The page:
From long security queues to delayed flights to wayward baggage, air travel is in dire need of innovation.
And the San Diego International Airport wants to bring it. The airport’s Innovation Lab, opened in 2016 and housed in a former commuter terminal, serves as a place for innovators inside and outside of the organization to develop and test new ideas.
“What we’ve done with the Innovation Lab is say, ‘Maybe there are other ways to create an experience for our passengers that also helps to increase and create different streams of revenue,'” says Rick Belliotti, the airport’s Director of Innovation and Small Business Development.
The airport’s first partnership to emerge from the lab is with an Orange County startup called AtYourGate, a mobile app that allows passengers to order concessions and other amenities from anywhere in the airport and have them delivered right to their gate. The airport started to test this service in actual terminals in August 2017.
Moving forward, Belliotti says he is looking for other types of partnerships — including one that will assist him with running the lab. InnoLead sat down with Belliotti to discuss the lab’s approach to creating partnerships, how the airport is innovating in a regulated environment, and how they’re trying to better understand the needs of travelers.
The Innovation Lab
At the San Diego airport, the commuter terminal was once home to small aircraft that would fly between San Diego and Los Angeles. But as demand for this route grew, so did the aircraft, forcing them into other terminals. The commuter terminal was shut down — until its former baggage claim area was revived to serve as the airport’s innovation lab.
“Everything that we’ve done to create the space, we’ve done trying to be conscious of the fact that we want to be [fiscally responsible],” says Belliotti. “We want to do it in a way that’s economical to the benefit of the [airport] authority, the community, and the industry.”
The former baggage claim area was transformed into a simulated terminal space using reclaimed components from the rest of the terminal.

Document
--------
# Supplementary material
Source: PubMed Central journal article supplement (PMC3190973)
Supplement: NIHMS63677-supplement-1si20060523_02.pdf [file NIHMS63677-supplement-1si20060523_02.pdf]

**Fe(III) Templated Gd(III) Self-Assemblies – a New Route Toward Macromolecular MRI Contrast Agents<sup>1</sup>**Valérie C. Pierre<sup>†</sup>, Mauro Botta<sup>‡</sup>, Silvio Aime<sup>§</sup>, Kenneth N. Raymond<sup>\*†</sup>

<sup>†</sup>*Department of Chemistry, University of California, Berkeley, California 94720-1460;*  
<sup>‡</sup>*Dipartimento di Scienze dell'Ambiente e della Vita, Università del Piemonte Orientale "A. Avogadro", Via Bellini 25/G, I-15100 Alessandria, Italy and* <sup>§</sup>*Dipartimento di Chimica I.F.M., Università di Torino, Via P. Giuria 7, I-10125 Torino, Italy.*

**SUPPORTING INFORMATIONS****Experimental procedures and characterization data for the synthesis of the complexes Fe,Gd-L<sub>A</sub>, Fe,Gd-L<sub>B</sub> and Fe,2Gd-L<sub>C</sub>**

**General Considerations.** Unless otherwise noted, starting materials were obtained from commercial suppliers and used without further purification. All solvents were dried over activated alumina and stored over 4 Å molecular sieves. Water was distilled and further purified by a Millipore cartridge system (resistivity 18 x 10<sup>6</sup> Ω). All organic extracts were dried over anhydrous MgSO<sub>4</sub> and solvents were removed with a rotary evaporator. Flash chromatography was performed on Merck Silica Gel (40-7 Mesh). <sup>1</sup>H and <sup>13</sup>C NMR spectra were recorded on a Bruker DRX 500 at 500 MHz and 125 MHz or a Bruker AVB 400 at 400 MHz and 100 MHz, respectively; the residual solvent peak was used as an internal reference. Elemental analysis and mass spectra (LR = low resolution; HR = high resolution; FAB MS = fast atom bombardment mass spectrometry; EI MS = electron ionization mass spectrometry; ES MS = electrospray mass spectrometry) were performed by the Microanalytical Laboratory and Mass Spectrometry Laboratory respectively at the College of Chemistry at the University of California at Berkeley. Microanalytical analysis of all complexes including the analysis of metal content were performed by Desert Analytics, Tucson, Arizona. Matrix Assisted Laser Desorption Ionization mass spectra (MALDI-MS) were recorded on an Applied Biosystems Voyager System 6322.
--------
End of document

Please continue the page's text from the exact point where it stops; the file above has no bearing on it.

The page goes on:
“It’s designed to simulate from the curb all the way to the gate and ultimately to what we call the apron here, which is where the aircraft parks,” says Belliotti. “We can simulate a terminal within that space so that people can prototype, innovate, and come up with new ideas in a safe environment that is not necessarily intermingled with active passenger traffic.”
And Belliotti says the vision for the lab was to be open to anyone inside or outside of the organization.
“We don’t want to box ourselves in and say we’re only working with startups or only with people in the aviation industry,” he says. “We do see some value in airport employees using the space for training. We’ve set up a training facility…We’ve seen meetings in there, which maybe wasn’t the intended use, but that’s OK because it’s a good space and it helps spur thought processes. We’ve seen it used by airlines as they are starting up service at the airport and they need to train their employees. It’s quite flexible in what it can be used for, and that was really the intent.”
Belliotti says the airport is looking to build relationships with external organizations as well, including startups, incubators, and accelerators. One such relationship is with the San Diego-based accelerator Connect, which is helping the airport find relevant companies to partner with.
“What we’re really trying to do right now is just build that relational foundation of ‘we know each other,'” he says. “We’re not yet to the stage where we’re putting out opportunity statements and having those organizations help us put those opportunity statements out to innovators. That will come — but that’s not where we’re at at this stage.”
One of the main objectives of a recent RFP sent out by the airport was to help get the lab to its next phase.